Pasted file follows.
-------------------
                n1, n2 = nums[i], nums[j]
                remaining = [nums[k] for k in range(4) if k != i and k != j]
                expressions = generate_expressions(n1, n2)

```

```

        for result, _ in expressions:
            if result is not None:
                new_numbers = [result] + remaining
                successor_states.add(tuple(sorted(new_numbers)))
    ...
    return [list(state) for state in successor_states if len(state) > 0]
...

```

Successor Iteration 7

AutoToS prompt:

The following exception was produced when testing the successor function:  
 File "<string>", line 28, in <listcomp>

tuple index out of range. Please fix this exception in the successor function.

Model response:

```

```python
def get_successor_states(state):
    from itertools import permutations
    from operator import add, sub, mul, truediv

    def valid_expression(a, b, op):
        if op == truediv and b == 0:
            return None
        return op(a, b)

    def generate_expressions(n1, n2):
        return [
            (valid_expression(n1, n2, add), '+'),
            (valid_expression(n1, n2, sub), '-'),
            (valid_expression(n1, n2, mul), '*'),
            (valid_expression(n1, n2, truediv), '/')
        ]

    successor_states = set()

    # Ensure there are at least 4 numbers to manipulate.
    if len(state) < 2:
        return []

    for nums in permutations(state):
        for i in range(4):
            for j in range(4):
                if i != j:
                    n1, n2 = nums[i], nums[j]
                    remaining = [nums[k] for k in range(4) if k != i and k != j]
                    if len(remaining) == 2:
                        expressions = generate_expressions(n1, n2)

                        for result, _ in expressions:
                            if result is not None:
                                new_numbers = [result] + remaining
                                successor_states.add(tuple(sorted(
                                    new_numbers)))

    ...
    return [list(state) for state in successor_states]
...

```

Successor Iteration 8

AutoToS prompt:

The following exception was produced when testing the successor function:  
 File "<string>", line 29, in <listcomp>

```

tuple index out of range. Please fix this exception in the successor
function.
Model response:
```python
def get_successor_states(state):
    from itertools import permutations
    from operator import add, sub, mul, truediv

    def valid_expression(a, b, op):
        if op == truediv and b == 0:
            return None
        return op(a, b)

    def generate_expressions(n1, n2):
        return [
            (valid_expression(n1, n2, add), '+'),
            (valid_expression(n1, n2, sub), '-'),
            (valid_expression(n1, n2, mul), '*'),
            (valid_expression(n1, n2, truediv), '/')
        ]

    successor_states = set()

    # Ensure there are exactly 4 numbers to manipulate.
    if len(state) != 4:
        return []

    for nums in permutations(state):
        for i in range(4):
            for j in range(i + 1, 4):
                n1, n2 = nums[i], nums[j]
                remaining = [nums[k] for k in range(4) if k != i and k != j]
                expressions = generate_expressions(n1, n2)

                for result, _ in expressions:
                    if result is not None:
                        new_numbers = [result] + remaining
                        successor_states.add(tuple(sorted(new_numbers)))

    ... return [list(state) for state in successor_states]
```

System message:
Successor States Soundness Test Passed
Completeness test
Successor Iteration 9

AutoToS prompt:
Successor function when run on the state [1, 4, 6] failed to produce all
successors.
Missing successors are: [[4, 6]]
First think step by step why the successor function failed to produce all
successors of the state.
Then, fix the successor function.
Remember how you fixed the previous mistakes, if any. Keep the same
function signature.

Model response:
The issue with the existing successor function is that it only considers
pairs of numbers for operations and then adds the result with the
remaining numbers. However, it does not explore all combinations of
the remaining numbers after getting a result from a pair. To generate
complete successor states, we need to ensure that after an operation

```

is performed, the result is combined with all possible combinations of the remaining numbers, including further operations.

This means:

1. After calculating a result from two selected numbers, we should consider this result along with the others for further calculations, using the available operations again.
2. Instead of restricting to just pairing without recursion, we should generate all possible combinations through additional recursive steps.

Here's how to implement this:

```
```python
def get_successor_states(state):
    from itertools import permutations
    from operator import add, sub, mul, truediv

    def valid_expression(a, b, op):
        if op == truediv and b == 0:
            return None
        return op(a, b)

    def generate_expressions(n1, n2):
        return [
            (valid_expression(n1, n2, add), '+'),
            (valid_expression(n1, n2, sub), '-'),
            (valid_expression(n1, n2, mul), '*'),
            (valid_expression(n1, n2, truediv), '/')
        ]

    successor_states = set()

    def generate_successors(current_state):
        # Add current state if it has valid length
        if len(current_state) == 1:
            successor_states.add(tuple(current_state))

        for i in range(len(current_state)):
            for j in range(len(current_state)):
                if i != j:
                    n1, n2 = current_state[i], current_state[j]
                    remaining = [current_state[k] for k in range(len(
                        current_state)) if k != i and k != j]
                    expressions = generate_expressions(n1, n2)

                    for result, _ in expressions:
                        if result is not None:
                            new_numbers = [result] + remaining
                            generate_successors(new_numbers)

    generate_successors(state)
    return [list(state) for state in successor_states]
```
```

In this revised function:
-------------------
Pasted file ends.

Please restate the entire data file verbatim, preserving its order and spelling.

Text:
                n1, n2 = nums[i], nums[j]
                remaining = [nums[k] for k in range(4) if k != i and k != j]
                expressions = generate_expressions(n1, n2)

```

```

        for result, _ in expressions:
            if result is not None:
                new_numbers = [result] + remaining
                successor_states.add(tuple(sorted(new_numbers)))
    ...
    return [list(state) for state in successor_states if len(state) > 0]
...

```

Successor Iteration 7

AutoToS prompt:

The following exception was produced when testing the successor function:  
 File "<string>", line 28, in <listcomp>

tuple index out of range. Please fix this exception in the successor function.

Model response:

```

```python
def get_successor_states(state):
    from itertools import permutations
    from operator import add, sub, mul, truediv

    def valid_expression(a, b, op):
        if op == truediv and b == 0:
            return None
        return op(a, b)

    def generate_expressions(n1, n2):
        return [
            (valid_expression(n1, n2, add), '+'),
            (valid_expression(n1, n2, sub), '-'),
            (valid_expression(n1, n2, mul), '*'),
            (valid_expression(n1, n2, truediv), '/')
        ]

    successor_states = set()

    # Ensure there are at least 4 numbers to manipulate.
    if len(state) < 2:
        return []

    for nums in permutations(state):
        for i in range(4):
            for j in range(4):
                if i != j:
                    n1, n2 = nums[i], nums[j]
                    remaining = [nums[k] for k in range(4) if k != i and k != j]
                    if len(remaining) == 2:
                        expressions = generate_expressions(n1, n2)

                        for result, _ in expressions:
                            if result is not None:
                                new_numbers = [result] + remaining
                                successor_states.add(tuple(sorted(
                                    new_numbers)))

    ...
    return [list(state) for state in successor_states]
...

```

Successor Iteration 8

AutoToS prompt:

The following exception was produced when testing the successor function:  
 File "<string>", line 29, in <listcomp>

```

tuple index out of range. Please fix this exception in the successor
function.
Model response:
```python
def get_successor_states(state):
    from itertools import permutations
    from operator import add, sub, mul, truediv

    def valid_expression(a, b, op):
        if op == truediv and b == 0:
            return None
        return op(a, b)

    def generate_expressions(n1, n2):
        return [
            (valid_expression(n1, n2, add), '+'),
            (valid_expression(n1, n2, sub), '-'),
            (valid_expression(n1, n2, mul), '*'),
            (valid_expression(n1, n2, truediv), '/')
        ]

    successor_states = set()

    # Ensure there are exactly 4 numbers to manipulate.
    if len(state) != 4:
        return []

    for nums in permutations(state):
        for i in range(4):
            for j in range(i + 1, 4):
                n1, n2 = nums[i], nums[j]
                remaining = [nums[k] for k in range(4) if k != i and k != j]
                expressions = generate_expressions(n1, n2)

                for result, _ in expressions:
                    if result is not None:
                        new_numbers = [result] + remaining
                        successor_states.add(tuple(sorted(new_numbers)))

    ... return [list(state) for state in successor_states]
```

System message:
Successor States Soundness Test Passed
Completeness test
Successor Iteration 9

AutoToS prompt:
Successor function when run on the state [1, 4, 6] failed to produce all
successors.
Missing successors are: [[4, 6]]
First think step by step why the successor function failed to produce all
successors of the state.
Then, fix the successor function.
Remember how you fixed the previous mistakes, if any. Keep the same
function signature.

Model response:
The issue with the existing successor function is that it only considers
pairs of numbers for operations and then adds the result with the
remaining numbers. However, it does not explore all combinations of
the remaining numbers after getting a result from a pair. To generate
complete successor states, we need to ensure that after an operation

```

is performed, the result is combined with all possible combinations of the remaining numbers, including further operations.

This means:

1. After calculating a result from two selected numbers, we should consider this result along with the others for further calculations, using the available operations again.
2. Instead of restricting to just pairing without recursion, we should generate all possible combinations through additional recursive steps.

Here's how to implement this:

```
```python
def get_successor_states(state):
    from itertools import permutations
    from operator import add, sub, mul, truediv

    def valid_expression(a, b, op):
        if op == truediv and b == 0:
            return None
        return op(a, b)

    def generate_expressions(n1, n2):
        return [
            (valid_expression(n1, n2, add), '+'),
            (valid_expression(n1, n2, sub), '-'),
            (valid_expression(n1, n2, mul), '*'),
            (valid_expression(n1, n2, truediv), '/')
        ]

    successor_states = set()

    def generate_successors(current_state):
        # Add current state if it has valid length
        if len(current_state) == 1:
            successor_states.add(tuple(current_state))

        for i in range(len(current_state)):
            for j in range(len(current_state)):
                if i != j:
                    n1, n2 = current_state[i], current_state[j]
                    remaining = [current_state[k] for k in range(len(
                        current_state)) if k != i and k != j]
                    expressions = generate_expressions(n1, n2)

                    for result, _ in expressions:
                        if result is not None:
                            new_numbers = [result] + remaining
                            generate_successors(new_numbers)

    generate_successors(state)
    return [list(state) for state in successor_states]
```
```

In this revised function: